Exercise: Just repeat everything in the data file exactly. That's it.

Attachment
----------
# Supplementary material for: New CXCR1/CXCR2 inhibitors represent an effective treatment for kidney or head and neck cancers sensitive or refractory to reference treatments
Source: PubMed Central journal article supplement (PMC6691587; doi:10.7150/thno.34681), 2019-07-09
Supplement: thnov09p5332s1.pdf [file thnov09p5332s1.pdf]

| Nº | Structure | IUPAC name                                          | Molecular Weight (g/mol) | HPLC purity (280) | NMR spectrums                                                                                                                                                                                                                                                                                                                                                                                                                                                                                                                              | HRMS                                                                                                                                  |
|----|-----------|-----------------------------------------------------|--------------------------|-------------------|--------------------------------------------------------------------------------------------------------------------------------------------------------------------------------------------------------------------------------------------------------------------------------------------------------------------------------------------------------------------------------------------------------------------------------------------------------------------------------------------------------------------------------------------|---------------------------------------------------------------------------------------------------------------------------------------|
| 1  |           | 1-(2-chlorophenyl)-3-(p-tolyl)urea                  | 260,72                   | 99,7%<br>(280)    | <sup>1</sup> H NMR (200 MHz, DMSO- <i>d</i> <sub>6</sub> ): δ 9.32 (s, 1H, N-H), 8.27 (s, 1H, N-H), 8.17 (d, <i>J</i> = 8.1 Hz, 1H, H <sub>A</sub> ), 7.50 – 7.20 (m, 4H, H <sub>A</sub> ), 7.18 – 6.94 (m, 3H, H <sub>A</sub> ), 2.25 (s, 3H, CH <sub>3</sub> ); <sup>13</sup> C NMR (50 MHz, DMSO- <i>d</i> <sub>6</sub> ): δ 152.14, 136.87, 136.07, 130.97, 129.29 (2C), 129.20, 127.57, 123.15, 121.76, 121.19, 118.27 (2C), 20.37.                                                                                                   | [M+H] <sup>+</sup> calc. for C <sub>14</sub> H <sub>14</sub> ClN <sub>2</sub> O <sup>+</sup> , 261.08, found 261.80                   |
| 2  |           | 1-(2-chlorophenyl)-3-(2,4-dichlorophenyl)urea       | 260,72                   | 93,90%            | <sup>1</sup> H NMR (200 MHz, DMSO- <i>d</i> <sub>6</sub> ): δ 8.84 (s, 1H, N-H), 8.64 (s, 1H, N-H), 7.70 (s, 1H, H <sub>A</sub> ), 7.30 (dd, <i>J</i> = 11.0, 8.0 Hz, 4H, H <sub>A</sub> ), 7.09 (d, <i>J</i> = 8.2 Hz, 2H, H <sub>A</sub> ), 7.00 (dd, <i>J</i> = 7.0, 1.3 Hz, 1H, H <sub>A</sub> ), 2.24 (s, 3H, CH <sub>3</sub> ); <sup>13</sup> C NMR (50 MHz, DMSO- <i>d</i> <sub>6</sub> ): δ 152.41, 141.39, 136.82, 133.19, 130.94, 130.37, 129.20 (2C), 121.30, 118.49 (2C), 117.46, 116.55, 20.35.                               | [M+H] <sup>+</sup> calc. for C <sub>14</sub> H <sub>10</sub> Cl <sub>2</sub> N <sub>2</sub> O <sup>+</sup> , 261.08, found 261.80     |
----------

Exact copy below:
# Supplementary material for: New CXCR1/CXCR2 inhibitors represent an effective treatment for kidney or head and neck cancers sensitive or refractory to reference treatments
Source: PubMed Central journal article supplement (PMC6691587; doi:10.7150/thno.34681), 2019-07-09
Supplement: thnov09p5332s1.pdf [file thnov09p5332s1.pdf]

| Nº | Structure | IUPAC name                                          | Molecular Weight (g/mol) | HPLC purity (280) | NMR spectrums                                                                                                                                                                                                                                                                                                                                                                                                                                                                                                                              | HRMS                                                                                                                                  |
|----|-----------|-----------------------------------------------------|--------------------------|-------------------|--------------------------------------------------------------------------------------------------------------------------------------------------------------------------------------------------------------------------------------------------------------------------------------------------------------------------------------------------------------------------------------------------------------------------------------------------------------------------------------------------------------------------------------------|---------------------------------------------------------------------------------------------------------------------------------------|
| 1  |           | 1-(2-chlorophenyl)-3-(p-tolyl)urea                  | 260,72                   | 99,7%<br>(280)    | <sup>1</sup> H NMR (200 MHz, DMSO- <i>d</i> <sub>6</sub> ): δ 9.32 (s, 1H, N-H), 8.27 (s, 1H, N-H), 8.17 (d, <i>J</i> = 8.1 Hz, 1H, H <sub>A</sub> ), 7.50 – 7.20 (m, 4H, H <sub>A</sub> ), 7.18 – 6.94 (m, 3H, H <sub>A</sub> ), 2.25 (s, 3H, CH <sub>3</sub> ); <sup>13</sup> C NMR (50 MHz, DMSO- <i>d</i> <sub>6</sub> ): δ 152.14, 136.87, 136.07, 130.97, 129.29 (2C), 129.20, 127.57, 123.15, 121.76, 121.19, 118.27 (2C), 20.37.                                                                                                   | [M+H] <sup>+</sup> calc. for C <sub>14</sub> H <sub>14</sub> ClN <sub>2</sub> O <sup>+</sup> , 261.08, found 261.80                   |
| 2  |           | 1-(2-chlorophenyl)-3-(2,4-dichlorophenyl)urea       | 260,72                   | 93,90%            | <sup>1</sup> H NMR (200 MHz, DMSO- <i>d</i> <sub>6</sub> ): δ 8.84 (s, 1H, N-H), 8.64 (s, 1H, N-H), 7.70 (s, 1H, H <sub>A</sub> ), 7.30 (dd, <i>J</i> = 11.0, 8.0 Hz, 4H, H <sub>A</sub> ), 7.09 (d, <i>J</i> = 8.2 Hz, 2H, H <sub>A</sub> ), 7.00 (dd, <i>J</i> = 7.0, 1.3 Hz, 1H, H <sub>A</sub> ), 2.24 (s, 3H, CH <sub>3</sub> ); <sup>13</sup> C NMR (50 MHz, DMSO- <i>d</i> <sub>6</sub> ): δ 152.41, 141.39, 136.82, 133.19, 130.94, 130.37, 129.20 (2C), 121.30, 118.49 (2C), 117.46, 116.55, 20.35.                               | [M+H] <sup>+</sup> calc. for C <sub>14</sub> H <sub>10</sub> Cl <sub>2</sub> N <sub>2</sub> O <sup>+</sup> , 261.08, found 261.80     |